15.
Ye YP, Hu JW, Zhang YG, Xu H. Impact of lumbar interbody fusion surgery on postoperative outcomes in patients with recurrent lumbar disc herniation: Analysis of the US national inpatient sample. J Clin Neurosci 2019;70:20-6.  Back to cited text no. 15
    
16.
Yang Y, Yan X, Li W, Sun W, Wang K. Long-term clinical outcomes and pain assessment after posterior lumbar interbody fusion for recurrent lumbar disc herniation. Orthop Surg 2020;12:907-16.  Back to cited text no. 16
    
17.
Fu TS, Lai PL, Tsai TT, Niu CC, Chen LH, Chen WJ. Long-term results of disc excision for recurrent lumbar disc herniation with or without posterolateral fusion. Spine (Phila Pa 1976) 2005;30:2830-4.  Back to cited text no. 17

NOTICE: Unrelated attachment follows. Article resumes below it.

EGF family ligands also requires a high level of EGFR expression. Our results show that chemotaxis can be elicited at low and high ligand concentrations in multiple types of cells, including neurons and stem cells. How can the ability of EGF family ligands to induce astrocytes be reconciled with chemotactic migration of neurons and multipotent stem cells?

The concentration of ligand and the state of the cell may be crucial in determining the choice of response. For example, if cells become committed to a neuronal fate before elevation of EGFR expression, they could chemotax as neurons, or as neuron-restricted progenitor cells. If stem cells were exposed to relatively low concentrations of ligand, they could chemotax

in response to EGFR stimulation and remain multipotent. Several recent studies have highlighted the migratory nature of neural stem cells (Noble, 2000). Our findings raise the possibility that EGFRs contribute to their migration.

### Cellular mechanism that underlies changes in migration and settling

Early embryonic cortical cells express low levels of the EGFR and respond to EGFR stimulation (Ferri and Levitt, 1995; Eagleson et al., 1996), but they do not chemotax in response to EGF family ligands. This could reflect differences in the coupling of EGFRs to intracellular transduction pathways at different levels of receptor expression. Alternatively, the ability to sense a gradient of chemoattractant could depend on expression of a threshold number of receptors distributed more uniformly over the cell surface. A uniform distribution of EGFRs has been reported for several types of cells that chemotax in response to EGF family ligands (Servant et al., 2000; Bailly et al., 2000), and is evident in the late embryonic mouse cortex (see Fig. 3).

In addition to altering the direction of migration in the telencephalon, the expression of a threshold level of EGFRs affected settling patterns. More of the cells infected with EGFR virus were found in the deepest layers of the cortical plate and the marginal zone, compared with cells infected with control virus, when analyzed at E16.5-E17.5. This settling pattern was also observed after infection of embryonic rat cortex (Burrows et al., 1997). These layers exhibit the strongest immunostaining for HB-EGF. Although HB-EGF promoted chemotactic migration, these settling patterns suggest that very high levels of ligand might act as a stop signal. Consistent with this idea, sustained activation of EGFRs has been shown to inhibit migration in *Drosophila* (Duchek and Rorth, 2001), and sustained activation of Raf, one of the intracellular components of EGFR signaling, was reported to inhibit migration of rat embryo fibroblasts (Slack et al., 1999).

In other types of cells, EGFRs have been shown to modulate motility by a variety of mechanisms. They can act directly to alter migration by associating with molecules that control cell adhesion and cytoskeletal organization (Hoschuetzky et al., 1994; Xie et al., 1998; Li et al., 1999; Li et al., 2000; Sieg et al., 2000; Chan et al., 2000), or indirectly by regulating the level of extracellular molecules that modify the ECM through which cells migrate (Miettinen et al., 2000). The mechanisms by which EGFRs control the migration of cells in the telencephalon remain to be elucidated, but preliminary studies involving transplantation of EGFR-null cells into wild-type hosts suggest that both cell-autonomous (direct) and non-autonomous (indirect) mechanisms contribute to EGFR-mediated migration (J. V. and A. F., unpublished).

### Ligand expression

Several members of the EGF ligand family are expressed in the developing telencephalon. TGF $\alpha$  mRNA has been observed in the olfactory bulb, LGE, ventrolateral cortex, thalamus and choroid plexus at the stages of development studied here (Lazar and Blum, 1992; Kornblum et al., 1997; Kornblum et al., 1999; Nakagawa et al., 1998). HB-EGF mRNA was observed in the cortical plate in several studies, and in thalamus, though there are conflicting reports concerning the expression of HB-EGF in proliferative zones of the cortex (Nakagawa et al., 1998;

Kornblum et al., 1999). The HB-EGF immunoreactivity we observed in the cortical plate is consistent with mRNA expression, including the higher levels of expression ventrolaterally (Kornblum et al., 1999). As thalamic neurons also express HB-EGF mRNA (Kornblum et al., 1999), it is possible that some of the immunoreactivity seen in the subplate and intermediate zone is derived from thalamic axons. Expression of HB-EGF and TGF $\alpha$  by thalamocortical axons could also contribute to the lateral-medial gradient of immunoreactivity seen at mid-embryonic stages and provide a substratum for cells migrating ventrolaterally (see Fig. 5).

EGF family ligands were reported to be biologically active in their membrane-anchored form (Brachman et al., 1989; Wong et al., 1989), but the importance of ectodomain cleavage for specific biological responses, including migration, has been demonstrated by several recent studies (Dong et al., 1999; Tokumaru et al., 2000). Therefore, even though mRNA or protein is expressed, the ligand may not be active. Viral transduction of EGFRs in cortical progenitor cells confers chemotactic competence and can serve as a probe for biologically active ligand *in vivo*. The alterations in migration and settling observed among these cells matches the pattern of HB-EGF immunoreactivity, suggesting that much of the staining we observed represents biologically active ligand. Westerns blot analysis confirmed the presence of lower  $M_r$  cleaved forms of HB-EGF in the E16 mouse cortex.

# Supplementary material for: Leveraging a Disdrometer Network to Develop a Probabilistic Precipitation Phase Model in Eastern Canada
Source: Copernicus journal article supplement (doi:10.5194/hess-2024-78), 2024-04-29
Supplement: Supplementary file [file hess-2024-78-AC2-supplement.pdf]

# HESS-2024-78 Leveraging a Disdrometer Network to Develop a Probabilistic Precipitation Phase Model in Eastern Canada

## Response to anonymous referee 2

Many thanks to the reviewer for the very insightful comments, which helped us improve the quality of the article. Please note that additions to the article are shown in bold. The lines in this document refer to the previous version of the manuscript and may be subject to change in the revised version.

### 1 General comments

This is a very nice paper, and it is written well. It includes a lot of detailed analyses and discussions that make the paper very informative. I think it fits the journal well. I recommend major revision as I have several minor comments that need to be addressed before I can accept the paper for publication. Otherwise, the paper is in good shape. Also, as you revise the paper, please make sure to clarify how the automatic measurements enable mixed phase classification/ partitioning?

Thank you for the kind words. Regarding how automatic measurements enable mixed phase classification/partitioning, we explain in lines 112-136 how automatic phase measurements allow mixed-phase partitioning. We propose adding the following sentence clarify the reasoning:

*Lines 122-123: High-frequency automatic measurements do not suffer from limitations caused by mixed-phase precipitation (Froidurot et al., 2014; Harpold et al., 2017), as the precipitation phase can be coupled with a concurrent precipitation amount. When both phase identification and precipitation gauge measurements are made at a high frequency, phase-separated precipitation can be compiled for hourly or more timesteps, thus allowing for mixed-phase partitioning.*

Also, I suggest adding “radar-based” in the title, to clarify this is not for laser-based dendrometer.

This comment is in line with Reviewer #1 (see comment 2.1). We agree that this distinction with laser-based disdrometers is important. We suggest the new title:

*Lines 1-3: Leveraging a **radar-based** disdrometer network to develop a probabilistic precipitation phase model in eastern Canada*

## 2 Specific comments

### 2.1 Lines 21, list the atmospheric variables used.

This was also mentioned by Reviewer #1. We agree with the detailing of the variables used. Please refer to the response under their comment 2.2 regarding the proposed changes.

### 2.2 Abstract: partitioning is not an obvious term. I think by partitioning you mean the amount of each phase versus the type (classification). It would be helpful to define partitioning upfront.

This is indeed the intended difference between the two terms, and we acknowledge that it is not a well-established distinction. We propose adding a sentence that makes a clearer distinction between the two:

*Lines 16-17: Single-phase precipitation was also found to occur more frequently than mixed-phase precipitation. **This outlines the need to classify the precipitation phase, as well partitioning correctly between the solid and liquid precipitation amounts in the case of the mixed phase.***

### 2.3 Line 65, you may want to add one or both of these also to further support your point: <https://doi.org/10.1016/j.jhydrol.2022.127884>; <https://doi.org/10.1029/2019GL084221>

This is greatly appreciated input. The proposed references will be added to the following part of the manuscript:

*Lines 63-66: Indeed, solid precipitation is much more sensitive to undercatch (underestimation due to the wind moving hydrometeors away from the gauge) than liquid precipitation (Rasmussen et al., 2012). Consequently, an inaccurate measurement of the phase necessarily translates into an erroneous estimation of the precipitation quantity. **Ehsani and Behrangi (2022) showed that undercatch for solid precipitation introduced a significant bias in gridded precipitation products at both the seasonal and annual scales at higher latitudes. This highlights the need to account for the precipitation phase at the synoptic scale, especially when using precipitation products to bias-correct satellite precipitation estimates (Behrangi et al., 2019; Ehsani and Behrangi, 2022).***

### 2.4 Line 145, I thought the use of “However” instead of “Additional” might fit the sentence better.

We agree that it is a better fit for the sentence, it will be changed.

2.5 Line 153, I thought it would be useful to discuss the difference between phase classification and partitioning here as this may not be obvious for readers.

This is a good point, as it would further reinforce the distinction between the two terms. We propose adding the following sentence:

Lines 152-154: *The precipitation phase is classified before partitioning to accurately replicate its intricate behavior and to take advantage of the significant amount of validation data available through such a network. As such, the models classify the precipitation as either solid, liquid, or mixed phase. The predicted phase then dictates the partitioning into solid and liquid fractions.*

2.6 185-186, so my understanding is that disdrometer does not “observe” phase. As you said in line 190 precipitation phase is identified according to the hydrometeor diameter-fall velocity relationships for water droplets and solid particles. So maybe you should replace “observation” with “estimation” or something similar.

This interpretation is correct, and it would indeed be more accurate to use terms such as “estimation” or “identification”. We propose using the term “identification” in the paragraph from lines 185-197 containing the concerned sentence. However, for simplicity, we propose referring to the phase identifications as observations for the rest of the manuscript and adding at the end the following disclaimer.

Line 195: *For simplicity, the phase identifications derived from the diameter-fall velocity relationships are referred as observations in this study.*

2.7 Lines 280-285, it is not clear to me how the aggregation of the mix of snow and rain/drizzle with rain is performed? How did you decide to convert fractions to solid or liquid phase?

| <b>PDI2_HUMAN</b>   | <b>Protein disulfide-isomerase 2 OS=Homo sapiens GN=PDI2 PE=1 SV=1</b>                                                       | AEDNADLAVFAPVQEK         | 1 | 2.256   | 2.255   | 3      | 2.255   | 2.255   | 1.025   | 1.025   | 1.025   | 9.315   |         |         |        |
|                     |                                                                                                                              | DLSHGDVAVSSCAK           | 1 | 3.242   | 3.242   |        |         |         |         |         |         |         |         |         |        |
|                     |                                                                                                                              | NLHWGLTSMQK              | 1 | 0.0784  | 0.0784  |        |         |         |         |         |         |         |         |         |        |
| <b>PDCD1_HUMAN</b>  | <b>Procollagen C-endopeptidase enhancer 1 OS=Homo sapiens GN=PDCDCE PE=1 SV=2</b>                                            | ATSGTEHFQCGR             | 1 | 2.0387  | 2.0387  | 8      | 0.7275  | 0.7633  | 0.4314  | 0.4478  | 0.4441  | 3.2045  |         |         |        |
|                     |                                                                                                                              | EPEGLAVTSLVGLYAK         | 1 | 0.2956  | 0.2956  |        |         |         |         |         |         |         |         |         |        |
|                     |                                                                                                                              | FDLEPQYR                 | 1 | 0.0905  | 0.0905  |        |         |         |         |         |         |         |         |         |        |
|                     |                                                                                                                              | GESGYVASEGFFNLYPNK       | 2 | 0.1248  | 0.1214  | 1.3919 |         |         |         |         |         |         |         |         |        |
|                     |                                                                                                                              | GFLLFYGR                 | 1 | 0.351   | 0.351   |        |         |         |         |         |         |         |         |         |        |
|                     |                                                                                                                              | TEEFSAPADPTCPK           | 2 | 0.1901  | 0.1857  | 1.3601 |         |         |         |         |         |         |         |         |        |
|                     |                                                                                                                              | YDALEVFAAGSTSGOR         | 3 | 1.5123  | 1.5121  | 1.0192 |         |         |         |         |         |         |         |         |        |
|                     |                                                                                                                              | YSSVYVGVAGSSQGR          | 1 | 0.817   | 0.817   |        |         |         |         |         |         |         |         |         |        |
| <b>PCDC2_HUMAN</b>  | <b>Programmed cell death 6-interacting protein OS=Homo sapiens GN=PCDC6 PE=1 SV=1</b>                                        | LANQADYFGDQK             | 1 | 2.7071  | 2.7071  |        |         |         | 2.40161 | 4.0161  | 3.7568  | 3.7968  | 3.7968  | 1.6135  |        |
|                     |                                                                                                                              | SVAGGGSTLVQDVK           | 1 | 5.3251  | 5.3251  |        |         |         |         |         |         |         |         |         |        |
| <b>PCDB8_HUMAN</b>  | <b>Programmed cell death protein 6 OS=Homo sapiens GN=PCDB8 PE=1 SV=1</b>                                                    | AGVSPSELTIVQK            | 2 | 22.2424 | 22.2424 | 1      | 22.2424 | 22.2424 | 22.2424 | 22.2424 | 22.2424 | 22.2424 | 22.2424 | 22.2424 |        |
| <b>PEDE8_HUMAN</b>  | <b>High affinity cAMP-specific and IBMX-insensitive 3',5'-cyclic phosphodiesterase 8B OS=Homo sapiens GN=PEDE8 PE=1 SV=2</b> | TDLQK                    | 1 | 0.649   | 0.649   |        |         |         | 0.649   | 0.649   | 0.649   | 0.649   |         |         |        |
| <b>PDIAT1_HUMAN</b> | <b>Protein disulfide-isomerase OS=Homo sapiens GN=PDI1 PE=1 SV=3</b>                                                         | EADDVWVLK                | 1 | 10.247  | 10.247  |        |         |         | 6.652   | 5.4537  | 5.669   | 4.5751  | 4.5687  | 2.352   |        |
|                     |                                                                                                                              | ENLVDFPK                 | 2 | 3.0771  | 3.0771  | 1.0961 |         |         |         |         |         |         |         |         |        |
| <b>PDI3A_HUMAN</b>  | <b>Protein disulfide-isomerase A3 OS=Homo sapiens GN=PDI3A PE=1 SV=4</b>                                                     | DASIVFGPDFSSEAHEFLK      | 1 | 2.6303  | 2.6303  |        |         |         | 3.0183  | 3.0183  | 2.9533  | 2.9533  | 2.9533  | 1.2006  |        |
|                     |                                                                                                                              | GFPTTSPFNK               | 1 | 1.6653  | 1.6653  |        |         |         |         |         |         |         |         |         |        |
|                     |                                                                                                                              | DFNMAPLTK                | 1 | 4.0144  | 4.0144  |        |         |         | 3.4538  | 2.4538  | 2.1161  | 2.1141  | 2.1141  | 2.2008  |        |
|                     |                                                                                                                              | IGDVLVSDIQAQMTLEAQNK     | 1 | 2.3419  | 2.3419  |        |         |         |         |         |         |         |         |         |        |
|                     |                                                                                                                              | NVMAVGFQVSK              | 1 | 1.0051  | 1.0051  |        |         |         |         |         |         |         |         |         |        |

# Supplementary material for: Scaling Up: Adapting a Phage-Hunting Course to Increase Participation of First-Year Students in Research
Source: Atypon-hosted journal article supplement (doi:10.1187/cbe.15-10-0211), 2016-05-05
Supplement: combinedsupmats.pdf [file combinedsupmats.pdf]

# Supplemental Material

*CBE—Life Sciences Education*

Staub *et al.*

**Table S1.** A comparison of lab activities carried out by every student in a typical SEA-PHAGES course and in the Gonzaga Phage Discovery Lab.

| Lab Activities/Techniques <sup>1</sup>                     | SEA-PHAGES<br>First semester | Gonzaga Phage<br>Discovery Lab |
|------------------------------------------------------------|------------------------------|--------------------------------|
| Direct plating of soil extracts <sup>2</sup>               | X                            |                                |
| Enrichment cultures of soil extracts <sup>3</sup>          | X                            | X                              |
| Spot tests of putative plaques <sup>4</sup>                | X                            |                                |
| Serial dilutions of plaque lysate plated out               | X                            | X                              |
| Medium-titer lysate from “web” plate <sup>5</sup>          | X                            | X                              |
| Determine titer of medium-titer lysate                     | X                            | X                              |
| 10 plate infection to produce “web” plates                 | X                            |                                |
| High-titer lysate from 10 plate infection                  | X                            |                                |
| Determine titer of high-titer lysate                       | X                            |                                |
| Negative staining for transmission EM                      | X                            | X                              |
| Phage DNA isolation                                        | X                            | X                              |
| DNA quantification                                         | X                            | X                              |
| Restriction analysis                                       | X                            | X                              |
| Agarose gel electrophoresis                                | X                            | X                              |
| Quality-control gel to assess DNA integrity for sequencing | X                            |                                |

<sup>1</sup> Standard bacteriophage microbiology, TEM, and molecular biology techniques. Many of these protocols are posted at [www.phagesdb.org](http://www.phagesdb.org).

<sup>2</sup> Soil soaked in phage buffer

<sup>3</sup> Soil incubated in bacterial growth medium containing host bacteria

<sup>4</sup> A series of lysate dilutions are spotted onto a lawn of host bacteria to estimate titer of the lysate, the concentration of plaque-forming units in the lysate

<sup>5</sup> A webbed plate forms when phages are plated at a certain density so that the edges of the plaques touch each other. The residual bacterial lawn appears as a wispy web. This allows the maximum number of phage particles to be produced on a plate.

18.
El Shazly AA, El Wardany MA, Morsi AM. Recurrent lumbar disc herniation: A prospective comparative study of three surgical management procedures. Asian J Neurosurg 2013;8:139-46.  Back to cited text no. 18
    
19.
Wang JC, Dailey AT, Mummaneni PV, Ghogawala Z, Resnick DK, Watters WC 3rd, et al. Guideline update for the performance of fusion procedures for degenerative disease of the lumbar spine. Part 8: Lumbar fusion for disc herniation and radiculopathy. J Neurosurg Spine 2014;21:48-53.  Back to cited text no. 19